Archaeologists tell us that people have been weaving things for more than 20,000 years. Since fibers decompose over time, remains of ancient weavings are rare, and most artifacts are things like spear points and pottery. Sometimes ancient people used a simple, portable loom and other times just their hands. Early people wove fabrics, floor mats, baskets, and even roof structures for early homes such as pit dwellings. And what about fences?
It can be very exciting for children to know these things and to be a part of such an ancient art form, especially when they can do it simply, like our ancient ancestors did. Simple looms are easy to build and your children can fill hours of time, inside, outside, on the road, weaving anything and everything into their projects. Here are the instructions. Have fun!
Materials for Your Simple Frame Loom
Total Cost – about $11 – $12.00 / Total Time – about 1-3 hours depending
- Two pieces 3/4″ thick x 1.5″ wide x 11″ long
- Two pieces 3/4″ x 1.5″ x 16″
- These four pieces can be cut from a planed six foot 1″x2″ board that you can get from a lumber seller. Look for a high quality one to avoid warps and knots. You might even get them to cut it for you if you ask.
- COST – One six foot board about $5.50.
- Gorilla Wood Glue is rated high and doesn’t foam. Ask around. I like Gorilla Wood Glue because it dries slower than epoxy and gives you time to fine tune the overlapping pieces. Let it set up for a few minutes and when it gets more sticky you can make final adjustments so that your frame is even and square.
- COST – 8oz. bottle about $3.50.
- Flat, thin piece of wood to use as the shed stick – 1/4″ thick x about 2″ wide x 12″ long. A paint stir stick can do a fine job with modification. The shed stick needs to be as long as the loom is wide. COST – free
- You need a carpenter’s square to help you get all four corners as square to each other as possible. Or a square corner of a room or workbench. You can be creative but make sure whatever you use is square. COST – borrow one or improvise.
- Small, skinny flat head wood screws – #6 screws 1″1/4 is a good size. COST – 4 for $1.25. (OPTIONAL – see below)
- Access to a drill with a small bit. COST – borrow one or skip this step. (OPTIONAL)
- Fine grit sandpaper. COST – 1 sheet $.80
- Sand your wood pieces a bit to get rid of any rough spots. Don’t forget the ends where little slivers hang out.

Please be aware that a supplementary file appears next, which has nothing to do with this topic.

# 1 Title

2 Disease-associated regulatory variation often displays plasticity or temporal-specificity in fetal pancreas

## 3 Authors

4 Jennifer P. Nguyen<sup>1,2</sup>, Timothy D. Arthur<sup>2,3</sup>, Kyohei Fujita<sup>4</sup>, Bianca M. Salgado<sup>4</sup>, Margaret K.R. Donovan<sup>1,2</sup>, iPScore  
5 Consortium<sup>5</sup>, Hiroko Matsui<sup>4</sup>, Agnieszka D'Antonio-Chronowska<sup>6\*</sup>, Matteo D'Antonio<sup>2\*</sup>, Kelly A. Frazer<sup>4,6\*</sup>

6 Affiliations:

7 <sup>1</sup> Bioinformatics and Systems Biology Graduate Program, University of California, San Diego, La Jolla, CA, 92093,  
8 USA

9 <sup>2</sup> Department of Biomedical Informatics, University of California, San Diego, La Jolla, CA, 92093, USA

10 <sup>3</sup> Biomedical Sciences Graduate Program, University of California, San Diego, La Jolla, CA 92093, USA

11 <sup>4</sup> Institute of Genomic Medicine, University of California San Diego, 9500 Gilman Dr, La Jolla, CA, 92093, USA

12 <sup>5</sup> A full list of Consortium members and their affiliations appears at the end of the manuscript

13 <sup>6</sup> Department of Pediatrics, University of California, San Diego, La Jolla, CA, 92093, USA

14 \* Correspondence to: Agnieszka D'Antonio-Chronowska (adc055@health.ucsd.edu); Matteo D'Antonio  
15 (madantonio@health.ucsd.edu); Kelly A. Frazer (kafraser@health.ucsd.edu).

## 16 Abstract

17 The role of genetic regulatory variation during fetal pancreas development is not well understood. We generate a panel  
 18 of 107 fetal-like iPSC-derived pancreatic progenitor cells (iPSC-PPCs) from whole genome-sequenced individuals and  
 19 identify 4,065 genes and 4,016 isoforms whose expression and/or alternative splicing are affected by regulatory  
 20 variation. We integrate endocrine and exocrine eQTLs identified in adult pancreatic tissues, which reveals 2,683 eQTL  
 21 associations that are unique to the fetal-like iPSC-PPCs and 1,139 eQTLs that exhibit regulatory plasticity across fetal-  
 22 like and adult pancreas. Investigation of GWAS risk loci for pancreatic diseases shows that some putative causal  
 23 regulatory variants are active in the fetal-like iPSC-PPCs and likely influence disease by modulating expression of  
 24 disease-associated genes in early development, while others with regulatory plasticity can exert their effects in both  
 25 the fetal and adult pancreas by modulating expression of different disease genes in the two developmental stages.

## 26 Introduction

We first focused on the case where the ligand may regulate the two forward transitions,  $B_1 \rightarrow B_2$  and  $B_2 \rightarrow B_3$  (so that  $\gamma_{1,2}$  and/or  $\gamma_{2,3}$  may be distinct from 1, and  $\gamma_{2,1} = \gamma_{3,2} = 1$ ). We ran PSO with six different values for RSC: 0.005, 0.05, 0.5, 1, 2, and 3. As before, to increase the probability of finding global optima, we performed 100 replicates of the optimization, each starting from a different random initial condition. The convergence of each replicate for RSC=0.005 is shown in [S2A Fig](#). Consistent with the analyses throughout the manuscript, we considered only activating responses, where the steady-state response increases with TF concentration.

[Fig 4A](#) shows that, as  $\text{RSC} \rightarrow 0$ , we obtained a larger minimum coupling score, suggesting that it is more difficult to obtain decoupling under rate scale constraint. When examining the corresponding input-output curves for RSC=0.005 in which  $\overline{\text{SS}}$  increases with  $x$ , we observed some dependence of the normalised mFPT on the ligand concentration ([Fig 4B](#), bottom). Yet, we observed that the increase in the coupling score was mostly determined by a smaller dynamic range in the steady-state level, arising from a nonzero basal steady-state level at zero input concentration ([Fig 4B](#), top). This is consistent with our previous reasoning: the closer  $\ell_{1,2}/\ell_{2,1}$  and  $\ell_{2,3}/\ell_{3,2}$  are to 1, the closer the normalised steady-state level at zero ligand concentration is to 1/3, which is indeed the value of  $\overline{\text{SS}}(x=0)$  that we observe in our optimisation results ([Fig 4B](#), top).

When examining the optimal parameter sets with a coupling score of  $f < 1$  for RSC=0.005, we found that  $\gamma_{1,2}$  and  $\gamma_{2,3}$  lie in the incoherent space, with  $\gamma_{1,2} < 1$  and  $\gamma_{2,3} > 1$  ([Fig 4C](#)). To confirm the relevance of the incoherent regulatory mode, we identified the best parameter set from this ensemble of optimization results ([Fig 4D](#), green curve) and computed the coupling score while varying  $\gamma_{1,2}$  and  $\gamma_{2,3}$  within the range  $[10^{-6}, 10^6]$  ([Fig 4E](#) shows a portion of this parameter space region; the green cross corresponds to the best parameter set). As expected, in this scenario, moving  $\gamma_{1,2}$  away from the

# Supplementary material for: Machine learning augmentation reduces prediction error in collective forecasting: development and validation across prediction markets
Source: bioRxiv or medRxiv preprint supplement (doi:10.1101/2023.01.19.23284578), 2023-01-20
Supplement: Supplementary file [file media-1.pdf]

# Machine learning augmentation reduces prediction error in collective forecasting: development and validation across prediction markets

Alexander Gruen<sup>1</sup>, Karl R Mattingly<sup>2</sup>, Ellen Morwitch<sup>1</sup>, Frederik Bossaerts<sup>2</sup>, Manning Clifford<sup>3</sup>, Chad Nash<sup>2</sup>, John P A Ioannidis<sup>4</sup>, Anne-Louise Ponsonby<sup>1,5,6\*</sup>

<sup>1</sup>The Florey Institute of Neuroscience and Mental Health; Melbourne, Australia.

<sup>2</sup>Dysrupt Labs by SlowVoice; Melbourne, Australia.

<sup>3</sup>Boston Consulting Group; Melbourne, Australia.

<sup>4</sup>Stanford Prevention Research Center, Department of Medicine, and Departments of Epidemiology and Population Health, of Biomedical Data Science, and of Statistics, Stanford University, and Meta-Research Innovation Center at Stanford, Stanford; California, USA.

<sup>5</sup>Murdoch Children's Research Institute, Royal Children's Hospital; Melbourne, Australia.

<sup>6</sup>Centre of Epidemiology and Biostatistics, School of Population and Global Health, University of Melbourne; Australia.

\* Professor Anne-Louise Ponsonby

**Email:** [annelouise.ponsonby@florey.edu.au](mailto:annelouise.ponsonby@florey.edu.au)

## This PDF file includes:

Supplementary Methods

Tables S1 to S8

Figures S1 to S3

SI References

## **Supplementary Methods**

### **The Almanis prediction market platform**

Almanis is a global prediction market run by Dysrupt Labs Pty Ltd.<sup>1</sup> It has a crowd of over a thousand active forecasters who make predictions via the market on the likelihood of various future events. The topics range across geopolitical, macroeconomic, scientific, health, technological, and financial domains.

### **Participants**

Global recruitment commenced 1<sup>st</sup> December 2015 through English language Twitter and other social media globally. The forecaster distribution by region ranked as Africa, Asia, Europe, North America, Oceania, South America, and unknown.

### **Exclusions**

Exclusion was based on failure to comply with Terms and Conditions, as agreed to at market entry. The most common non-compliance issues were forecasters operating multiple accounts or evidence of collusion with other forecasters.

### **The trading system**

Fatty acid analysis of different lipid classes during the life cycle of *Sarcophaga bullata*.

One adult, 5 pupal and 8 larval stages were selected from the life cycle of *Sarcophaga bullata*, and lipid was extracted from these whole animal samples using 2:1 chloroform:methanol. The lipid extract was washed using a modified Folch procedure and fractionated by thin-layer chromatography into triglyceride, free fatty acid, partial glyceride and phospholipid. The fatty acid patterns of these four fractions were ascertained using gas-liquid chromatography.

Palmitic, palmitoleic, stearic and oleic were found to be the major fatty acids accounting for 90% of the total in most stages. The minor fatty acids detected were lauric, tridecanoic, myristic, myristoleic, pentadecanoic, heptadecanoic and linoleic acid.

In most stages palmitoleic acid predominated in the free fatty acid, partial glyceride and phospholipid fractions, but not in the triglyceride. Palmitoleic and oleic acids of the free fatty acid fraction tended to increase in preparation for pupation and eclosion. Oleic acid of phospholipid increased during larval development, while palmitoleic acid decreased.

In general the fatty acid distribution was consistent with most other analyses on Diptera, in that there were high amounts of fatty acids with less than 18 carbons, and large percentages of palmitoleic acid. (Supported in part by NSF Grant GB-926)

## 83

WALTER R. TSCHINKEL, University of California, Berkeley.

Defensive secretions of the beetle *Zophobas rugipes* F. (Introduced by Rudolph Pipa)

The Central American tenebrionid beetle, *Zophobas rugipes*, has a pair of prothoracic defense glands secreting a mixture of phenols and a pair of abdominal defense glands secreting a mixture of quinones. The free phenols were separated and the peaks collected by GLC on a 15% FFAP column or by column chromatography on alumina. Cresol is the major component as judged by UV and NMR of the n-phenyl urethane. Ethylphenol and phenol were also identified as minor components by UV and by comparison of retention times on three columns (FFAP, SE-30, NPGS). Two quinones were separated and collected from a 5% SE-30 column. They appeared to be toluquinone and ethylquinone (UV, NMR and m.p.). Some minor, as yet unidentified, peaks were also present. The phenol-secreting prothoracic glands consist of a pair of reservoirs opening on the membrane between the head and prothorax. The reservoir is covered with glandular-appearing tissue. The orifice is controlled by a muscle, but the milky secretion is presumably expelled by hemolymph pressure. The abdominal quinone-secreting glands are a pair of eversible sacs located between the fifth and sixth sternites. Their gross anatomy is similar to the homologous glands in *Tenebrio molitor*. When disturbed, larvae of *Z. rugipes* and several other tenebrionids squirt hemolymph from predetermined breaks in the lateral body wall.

- Set up all four wood pieces with the short ones on top of the long ones and line up the corners. This makes a rectangle and the pieces will be lying flat, not on their edges.
- Lift up each short piece, one at a time, and glue it to the long pieces. Use enough glue to make it stick well but try not to let it ooze out. You can spread it with a Q-tip and if there is a bit of ooze it can be wiped off with a wet cloth, cut away later with an exact knife or sanded off. Make sure the loom frame corners are very square so it isn’t lopsided.
- Weight the corners down with a big heavy book, for about 30 minutes, then let it finish setting up according to the directions.
- Once this is completely dry, you can screw the corners for more security. Best to pre-drill the holes with a fine bit and be sure to use screws that are small and won’t go through to the other side. Small screws are also less likely to split the wood. I put the screws on the front but the back side will work well, too. If you can’t get your hands on a drill then skip the screws. Just make sure you have done a good job with your gluing. NOTE: After using these looms for awhile, both with and without the screws, I see no need to screw the corners together. The glue makes them very sturdy, plenty sturdy. In the future I won’t screw them at all – just Gorilla glue! If I discover a problem in the future I will edit this post.
- “What’s this?” you say? I’ll tell you more about it in the next post, Frame Loom Weaving.
- Sand the ends so the corners to round the corners nicely. This will take a few important minutes to make sure that your shed stick slides smoothly through the warp yarns. You can oil the stick very lightly and wipe it well before you use it. Over time it will develop a soft surface from you handling it and you will treasure it. .
That’s it! Now, you can stain or oil or paint your loom, or just leave it natural and let the patina build over time. Wouldn’t this make a great birthday gift for one of your children’s friends?!
In the next post, Art With the Kids – Frame Loom Weaving, I will show you how to set up the warp threads, how to get started, and how to finish a project.